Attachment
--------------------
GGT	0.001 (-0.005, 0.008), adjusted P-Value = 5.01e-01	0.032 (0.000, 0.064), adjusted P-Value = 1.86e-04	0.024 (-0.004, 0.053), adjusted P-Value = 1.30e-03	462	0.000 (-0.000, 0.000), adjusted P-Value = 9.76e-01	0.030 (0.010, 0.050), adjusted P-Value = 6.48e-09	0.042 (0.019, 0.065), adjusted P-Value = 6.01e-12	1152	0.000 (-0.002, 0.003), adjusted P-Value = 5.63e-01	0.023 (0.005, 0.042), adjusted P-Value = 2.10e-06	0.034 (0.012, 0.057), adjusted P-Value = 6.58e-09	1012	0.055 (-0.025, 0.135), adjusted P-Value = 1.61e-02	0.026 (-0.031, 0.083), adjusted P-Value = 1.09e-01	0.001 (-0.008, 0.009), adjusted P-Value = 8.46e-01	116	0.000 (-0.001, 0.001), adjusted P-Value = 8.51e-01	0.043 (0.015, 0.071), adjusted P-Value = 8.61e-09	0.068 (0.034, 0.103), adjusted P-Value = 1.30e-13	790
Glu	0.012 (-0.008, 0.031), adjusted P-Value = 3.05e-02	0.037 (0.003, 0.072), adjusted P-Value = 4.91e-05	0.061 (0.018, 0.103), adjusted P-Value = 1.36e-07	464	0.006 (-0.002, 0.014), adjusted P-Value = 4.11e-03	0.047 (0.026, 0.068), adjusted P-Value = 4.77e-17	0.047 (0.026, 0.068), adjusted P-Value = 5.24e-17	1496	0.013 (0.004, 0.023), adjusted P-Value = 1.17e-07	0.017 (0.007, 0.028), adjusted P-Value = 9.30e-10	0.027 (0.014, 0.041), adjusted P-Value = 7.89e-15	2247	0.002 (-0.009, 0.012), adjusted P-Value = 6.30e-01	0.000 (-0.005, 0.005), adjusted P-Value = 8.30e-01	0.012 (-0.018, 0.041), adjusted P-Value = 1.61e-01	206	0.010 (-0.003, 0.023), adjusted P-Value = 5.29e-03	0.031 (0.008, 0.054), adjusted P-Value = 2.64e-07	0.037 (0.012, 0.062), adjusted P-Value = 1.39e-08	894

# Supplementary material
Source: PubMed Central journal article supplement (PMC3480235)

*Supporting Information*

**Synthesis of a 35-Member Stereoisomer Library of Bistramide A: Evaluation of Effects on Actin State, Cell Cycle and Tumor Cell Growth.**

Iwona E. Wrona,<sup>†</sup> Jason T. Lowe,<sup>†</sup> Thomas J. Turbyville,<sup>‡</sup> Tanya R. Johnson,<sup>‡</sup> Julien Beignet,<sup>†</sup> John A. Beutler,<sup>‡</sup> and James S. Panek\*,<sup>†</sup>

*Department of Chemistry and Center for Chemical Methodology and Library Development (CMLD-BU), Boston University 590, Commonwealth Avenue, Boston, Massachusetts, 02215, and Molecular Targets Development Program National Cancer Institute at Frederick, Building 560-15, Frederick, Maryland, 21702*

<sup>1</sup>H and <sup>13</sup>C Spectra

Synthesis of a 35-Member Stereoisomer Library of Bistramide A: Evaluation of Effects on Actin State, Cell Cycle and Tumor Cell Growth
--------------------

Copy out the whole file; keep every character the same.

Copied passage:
GGT	0.001 (-0.005, 0.008), adjusted P-Value = 5.01e-01	0.032 (0.000, 0.064), adjusted P-Value = 1.86e-04	0.024 (-0.004, 0.053), adjusted P-Value = 1.30e-03	462	0.000 (-0.000, 0.000), adjusted P-Value = 9.76e-01	0.030 (0.010, 0.050), adjusted P-Value = 6.48e-09	0.042 (0.019, 0.065), adjusted P-Value = 6.01e-12	1152	0.000 (-0.002, 0.003), adjusted P-Value = 5.63e-01	0.023 (0.005, 0.042), adjusted P-Value = 2.10e-06	0.034 (0.012, 0.057), adjusted P-Value = 6.58e-09	1012	0.055 (-0.025, 0.135), adjusted P-Value = 1.61e-02	0.026 (-0.031, 0.083), adjusted P-Value = 1.09e-01	0.001 (-0.008, 0.009), adjusted P-Value = 8.46e-01	116	0.000 (-0.001, 0.001), adjusted P-Value = 8.51e-01	0.043 (0.015, 0.071), adjusted P-Value = 8.61e-09	0.068 (0.034, 0.103), adjusted P-Value = 1.30e-13	790
Glu	0.012 (-0.008, 0.031), adjusted P-Value = 3.05e-02	0.037 (0.003, 0.072), adjusted P-Value = 4.91e-05	0.061 (0.018, 0.103), adjusted P-Value = 1.36e-07	464	0.006 (-0.002, 0.014), adjusted P-Value = 4.11e-03	0.047 (0.026, 0.068), adjusted P-Value = 4.77e-17	0.047 (0.026, 0.068), adjusted P-Value = 5.24e-17	1496	0.013 (0.004, 0.023), adjusted P-Value = 1.17e-07	0.017 (0.007, 0.028), adjusted P-Value = 9.30e-10	0.027 (0.014, 0.041), adjusted P-Value = 7.89e-15	2247	0.002 (-0.009, 0.012), adjusted P-Value = 6.30e-01	0.000 (-0.005, 0.005), adjusted P-Value = 8.30e-01	0.012 (-0.018, 0.041), adjusted P-Value = 1.61e-01	206	0.010 (-0.003, 0.023), adjusted P-Value = 5.29e-03	0.031 (0.008, 0.054), adjusted P-Value = 2.64e-07	0.037 (0.012, 0.062), adjusted P-Value = 1.39e-08	894

# Supplementary material
Source: PubMed Central journal article supplement (PMC3480235)

*Supporting Information*

**Synthesis of a 35-Member Stereoisomer Library of Bistramide A: Evaluation of Effects on Actin State, Cell Cycle and Tumor Cell Growth.**

Iwona E. Wrona,<sup>†</sup> Jason T. Lowe,<sup>†</sup> Thomas J. Turbyville,<sup>‡</sup> Tanya R. Johnson,<sup>‡</sup> Julien Beignet,<sup>†</sup> John A. Beutler,<sup>‡</sup> and James S. Panek\*,<sup>†</sup>

*Department of Chemistry and Center for Chemical Methodology and Library Development (CMLD-BU), Boston University 590, Commonwealth Avenue, Boston, Massachusetts, 02215, and Molecular Targets Development Program National Cancer Institute at Frederick, Building 560-15, Frederick, Maryland, 21702*

<sup>1</sup>H and <sup>13</sup>C Spectra

Synthesis of a 35-Member Stereoisomer Library of Bistramide A: Evaluation of Effects on Actin State, Cell Cycle and Tumor Cell Growth